Chambre de l’assurance de dommages

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What’s the right type of insurance for students?

By: Chambre de l’assurance de dommages, partner of Protégez-Vous.ca

Published: 08 September 2015


To save money, some students don’t get insurance. However, the consequences of being uninsured outweigh the cost of the right policy. Many college kids on their own for the first time have a tight budget and must choose what they spend on carefully. To save money, some students don’t get insurance. Others don’t even see a need for it. But the financial consequences of being uninsured in the event of a loss are significant and greatly outweigh the cost of insurance. All students have at least some personal property, such as a computer, clothing, maybe even a few pieces of furniture or a bike for getting around. If that property is stolen or destroyed, would they have the money to replace it? Furthermore, despite the greatest care and precautions, an accident can happen to anybody, causing damage to others (for example, you accidentally start a fire while cooking and damage a neighbour’s apartment). This is called civil liability and the amount claimed against you, if you are found responsible, can be quite large. That’s why it’s important to be insured. 2. HOME INSURANCE FOR STUDENTS Home insurance provides protection for personal property. Civil liability is usually included in home insurance contracts, covering you against damage caused unintentionally to others. Every year, young people leave their parents’ home to pursue their studies and become renters—by themselves or with roommates. Depending on their situation, students have two options for insurance: they can be insured through their parents’ policy or they can take out their own insurance. A “dependent child” who temporarily leaves the parental home to study full time at a cégep or university may be able to rely on their parents’ home insurance for property and civil liability coverage. Every insurer has their own conditions, eligibility criteria and coverage options, so check with the insurance representative to find out the scope and limitations of your parents’ insurance contract and ask for extended coverage if needed. 3. TENANT INSURANCE However, if you don’t want to use your parents’ policy, or if you want to sign up for a policy in your own name for any other reason, you can look for tenant insurance to cover your property and civil liability. An insurance agent or broker will be able to recommend the appropriate coverage based on your needs, including the need to spend as little as possible to cover everything. 4. WHAT IF YOU HAVE ROOMMATES? If your roommates aren’t on their parents’ insurance, some insurers will agree to add one or more roommates to the same insurance contract. 5. HOW ABOUT CAR INSURANCE? Auto insurance has its own specificities, so head over to http://www.infoinsurance.ca/en/vehicle/automobile/insuring/choosing-insurance/ for answers to many common questions. In Québec, civil liability (Chapter A) is the only auto insurance that is mandatory. Chapter B (damage to insured vehicles) includes several protections covering damage to your own vehicle. Note that before you borrow your parents’ car, you have to inform your insurer to make certain it is properly covered. Otherwise, if you have an accident the bill may be hefty or compensation may even be refused.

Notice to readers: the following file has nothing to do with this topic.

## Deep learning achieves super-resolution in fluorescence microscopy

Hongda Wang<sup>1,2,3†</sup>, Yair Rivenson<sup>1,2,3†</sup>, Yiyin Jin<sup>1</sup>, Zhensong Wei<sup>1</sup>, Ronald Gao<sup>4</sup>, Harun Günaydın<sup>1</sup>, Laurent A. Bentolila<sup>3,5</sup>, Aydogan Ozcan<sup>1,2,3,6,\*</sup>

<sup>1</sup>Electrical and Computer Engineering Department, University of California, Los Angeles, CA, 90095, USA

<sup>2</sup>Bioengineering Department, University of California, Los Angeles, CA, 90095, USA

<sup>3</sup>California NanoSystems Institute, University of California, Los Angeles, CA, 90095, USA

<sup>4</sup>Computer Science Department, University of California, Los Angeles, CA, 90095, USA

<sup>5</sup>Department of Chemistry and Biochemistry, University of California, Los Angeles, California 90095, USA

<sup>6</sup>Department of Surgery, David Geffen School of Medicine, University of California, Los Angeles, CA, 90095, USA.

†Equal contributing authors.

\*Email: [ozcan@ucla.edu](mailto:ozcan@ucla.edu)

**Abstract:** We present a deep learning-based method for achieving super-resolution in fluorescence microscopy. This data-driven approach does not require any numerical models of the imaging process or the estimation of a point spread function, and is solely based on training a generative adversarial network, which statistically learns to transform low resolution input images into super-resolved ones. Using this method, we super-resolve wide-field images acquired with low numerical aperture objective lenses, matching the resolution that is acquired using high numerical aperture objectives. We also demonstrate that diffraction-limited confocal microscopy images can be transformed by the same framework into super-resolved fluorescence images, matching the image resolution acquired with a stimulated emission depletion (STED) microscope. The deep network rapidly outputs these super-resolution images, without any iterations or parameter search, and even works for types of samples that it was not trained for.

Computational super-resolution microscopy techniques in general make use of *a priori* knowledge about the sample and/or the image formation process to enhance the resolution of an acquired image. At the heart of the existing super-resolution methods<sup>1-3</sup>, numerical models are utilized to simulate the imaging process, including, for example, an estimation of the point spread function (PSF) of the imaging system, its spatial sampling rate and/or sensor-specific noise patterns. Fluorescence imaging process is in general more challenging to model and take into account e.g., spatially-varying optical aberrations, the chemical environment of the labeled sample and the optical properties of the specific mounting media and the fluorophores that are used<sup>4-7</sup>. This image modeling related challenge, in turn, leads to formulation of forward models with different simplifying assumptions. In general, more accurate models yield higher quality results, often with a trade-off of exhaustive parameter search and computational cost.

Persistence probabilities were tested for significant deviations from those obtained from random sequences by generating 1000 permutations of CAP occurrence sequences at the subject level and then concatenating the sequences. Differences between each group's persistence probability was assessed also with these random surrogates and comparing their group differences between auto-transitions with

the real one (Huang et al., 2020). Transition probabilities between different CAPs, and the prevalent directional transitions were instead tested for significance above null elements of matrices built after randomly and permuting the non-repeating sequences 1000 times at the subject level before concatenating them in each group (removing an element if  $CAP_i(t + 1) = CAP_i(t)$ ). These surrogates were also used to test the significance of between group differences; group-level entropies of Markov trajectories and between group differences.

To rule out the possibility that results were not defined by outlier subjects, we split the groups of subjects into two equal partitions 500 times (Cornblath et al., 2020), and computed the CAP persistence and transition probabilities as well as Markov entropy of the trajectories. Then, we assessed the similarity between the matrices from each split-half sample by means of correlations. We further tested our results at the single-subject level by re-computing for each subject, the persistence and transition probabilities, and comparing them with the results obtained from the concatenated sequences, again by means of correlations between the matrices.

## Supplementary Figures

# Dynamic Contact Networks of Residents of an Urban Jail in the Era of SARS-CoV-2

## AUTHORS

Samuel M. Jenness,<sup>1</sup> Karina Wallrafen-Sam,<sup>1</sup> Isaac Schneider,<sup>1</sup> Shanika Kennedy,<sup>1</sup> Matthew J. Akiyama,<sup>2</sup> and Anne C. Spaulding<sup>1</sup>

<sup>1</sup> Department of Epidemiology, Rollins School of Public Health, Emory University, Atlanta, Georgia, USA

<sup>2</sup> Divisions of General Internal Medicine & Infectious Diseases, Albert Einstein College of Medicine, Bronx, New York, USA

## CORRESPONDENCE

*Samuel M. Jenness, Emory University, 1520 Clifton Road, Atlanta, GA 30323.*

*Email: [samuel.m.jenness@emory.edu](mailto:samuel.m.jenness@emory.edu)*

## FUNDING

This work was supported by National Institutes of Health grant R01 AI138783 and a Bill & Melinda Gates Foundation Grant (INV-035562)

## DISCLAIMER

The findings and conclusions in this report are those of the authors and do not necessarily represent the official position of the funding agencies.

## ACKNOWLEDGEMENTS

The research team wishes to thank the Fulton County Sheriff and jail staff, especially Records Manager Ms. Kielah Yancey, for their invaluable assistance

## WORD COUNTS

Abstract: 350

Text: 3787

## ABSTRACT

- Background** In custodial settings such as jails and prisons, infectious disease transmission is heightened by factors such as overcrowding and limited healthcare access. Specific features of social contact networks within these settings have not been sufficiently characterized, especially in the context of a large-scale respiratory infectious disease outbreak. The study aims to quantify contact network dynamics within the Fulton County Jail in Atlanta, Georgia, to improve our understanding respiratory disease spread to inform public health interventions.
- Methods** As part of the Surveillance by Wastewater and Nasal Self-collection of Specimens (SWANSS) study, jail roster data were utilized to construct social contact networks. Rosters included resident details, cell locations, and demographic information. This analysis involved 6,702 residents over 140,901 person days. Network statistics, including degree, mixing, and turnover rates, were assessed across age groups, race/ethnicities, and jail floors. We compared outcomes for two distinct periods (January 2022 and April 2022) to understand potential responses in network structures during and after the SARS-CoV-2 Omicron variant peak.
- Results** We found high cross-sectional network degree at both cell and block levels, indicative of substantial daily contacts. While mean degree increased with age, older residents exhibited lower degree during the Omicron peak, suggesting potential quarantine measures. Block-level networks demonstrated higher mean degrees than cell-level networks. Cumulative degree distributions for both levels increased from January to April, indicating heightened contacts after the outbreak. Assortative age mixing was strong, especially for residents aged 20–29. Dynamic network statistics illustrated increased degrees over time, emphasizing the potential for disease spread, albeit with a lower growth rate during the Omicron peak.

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Ready for a condo?

By: Insurance Bureau of Canada, partner of Protégez-Vous.ca

Published: 11 February 2016